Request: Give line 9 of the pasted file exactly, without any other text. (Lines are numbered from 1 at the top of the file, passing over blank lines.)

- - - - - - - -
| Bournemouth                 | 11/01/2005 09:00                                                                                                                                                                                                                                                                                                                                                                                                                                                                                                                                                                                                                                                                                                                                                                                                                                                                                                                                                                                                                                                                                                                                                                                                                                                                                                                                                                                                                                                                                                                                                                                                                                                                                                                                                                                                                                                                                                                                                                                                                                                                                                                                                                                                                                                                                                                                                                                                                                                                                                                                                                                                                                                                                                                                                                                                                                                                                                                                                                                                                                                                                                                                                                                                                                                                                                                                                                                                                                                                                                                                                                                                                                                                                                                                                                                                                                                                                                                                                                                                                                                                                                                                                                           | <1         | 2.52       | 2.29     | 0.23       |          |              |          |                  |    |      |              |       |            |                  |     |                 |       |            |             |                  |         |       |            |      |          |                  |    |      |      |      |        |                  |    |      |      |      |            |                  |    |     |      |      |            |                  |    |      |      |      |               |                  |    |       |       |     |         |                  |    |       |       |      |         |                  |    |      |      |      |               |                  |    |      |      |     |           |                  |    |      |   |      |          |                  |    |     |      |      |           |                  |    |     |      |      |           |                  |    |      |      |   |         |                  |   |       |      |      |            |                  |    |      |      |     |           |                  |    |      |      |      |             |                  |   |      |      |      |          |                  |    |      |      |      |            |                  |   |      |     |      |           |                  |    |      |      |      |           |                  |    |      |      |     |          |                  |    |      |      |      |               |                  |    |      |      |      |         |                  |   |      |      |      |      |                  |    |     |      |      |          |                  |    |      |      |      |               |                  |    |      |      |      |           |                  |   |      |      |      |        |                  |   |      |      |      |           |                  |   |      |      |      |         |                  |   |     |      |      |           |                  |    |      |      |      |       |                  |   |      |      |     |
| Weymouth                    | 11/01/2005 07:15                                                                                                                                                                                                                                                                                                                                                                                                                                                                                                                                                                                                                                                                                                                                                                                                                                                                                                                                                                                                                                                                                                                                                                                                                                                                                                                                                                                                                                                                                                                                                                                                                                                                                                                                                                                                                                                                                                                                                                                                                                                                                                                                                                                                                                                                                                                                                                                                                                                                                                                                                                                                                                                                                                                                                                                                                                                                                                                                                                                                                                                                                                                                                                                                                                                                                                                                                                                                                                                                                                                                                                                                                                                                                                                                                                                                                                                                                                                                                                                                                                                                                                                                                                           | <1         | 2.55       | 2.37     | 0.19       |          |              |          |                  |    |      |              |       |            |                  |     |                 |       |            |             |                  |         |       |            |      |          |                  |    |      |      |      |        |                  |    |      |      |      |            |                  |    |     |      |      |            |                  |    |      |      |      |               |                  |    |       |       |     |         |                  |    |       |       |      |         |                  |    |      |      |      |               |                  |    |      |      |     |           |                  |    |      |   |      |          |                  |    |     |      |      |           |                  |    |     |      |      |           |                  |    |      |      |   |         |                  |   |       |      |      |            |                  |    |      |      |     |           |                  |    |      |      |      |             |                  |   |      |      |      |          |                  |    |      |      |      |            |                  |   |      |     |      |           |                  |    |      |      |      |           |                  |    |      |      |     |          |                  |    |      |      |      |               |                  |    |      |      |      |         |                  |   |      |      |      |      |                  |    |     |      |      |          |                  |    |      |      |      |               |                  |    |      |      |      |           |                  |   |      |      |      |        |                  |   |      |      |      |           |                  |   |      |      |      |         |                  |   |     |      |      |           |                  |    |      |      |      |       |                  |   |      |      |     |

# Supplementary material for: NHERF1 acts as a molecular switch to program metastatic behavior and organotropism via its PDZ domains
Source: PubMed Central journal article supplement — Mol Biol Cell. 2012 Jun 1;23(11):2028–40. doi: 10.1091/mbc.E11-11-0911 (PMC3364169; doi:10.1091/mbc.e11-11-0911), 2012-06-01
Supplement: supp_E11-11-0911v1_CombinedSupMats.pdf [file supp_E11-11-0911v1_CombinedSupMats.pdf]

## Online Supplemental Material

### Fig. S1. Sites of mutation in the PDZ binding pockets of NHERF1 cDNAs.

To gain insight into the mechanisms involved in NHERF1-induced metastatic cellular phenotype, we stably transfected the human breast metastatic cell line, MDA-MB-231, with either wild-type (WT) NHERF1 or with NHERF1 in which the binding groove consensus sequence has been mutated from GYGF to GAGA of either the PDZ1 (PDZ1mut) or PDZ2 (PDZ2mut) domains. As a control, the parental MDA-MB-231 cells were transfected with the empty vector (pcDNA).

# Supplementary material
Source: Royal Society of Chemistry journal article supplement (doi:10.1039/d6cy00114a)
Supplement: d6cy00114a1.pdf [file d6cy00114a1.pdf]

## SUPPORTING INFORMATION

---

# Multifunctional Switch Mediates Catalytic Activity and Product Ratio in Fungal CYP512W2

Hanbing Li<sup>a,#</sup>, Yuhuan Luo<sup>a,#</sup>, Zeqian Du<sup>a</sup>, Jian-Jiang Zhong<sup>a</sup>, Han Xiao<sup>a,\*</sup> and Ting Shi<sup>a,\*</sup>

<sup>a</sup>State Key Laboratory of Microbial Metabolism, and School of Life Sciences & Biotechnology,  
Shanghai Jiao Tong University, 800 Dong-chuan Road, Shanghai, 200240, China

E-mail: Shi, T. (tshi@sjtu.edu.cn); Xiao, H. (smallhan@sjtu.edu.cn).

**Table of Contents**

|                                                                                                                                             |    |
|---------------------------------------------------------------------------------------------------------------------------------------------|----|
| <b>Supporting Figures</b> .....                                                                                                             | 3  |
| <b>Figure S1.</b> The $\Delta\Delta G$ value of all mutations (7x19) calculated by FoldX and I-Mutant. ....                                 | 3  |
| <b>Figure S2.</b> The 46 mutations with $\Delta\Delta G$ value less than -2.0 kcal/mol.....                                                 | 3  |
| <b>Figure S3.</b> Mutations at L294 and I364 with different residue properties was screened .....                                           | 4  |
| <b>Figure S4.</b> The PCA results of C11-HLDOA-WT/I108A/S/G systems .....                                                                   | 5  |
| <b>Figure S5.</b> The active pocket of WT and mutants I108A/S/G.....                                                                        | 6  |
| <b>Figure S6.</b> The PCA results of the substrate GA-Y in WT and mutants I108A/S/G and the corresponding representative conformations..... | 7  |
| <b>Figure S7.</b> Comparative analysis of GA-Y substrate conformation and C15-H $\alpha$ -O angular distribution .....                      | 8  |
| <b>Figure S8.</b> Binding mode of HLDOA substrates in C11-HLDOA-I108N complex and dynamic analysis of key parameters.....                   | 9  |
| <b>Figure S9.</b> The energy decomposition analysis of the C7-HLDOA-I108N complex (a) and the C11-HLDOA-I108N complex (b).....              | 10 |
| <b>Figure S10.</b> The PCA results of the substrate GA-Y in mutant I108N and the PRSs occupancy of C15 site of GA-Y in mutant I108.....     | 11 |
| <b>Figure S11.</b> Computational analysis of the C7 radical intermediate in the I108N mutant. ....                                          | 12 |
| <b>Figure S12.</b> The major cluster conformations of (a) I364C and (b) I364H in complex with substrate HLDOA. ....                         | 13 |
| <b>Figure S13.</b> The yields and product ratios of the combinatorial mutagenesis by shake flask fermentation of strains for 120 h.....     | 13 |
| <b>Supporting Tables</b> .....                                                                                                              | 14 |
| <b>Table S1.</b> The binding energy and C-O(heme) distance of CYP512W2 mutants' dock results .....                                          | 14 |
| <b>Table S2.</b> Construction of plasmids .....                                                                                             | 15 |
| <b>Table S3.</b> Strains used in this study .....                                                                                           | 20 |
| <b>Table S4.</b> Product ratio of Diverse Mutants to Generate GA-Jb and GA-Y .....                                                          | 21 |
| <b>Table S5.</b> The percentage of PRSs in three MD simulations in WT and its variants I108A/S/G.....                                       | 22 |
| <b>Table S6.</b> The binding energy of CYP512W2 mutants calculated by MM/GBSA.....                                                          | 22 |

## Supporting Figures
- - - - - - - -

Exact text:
# Supplementary material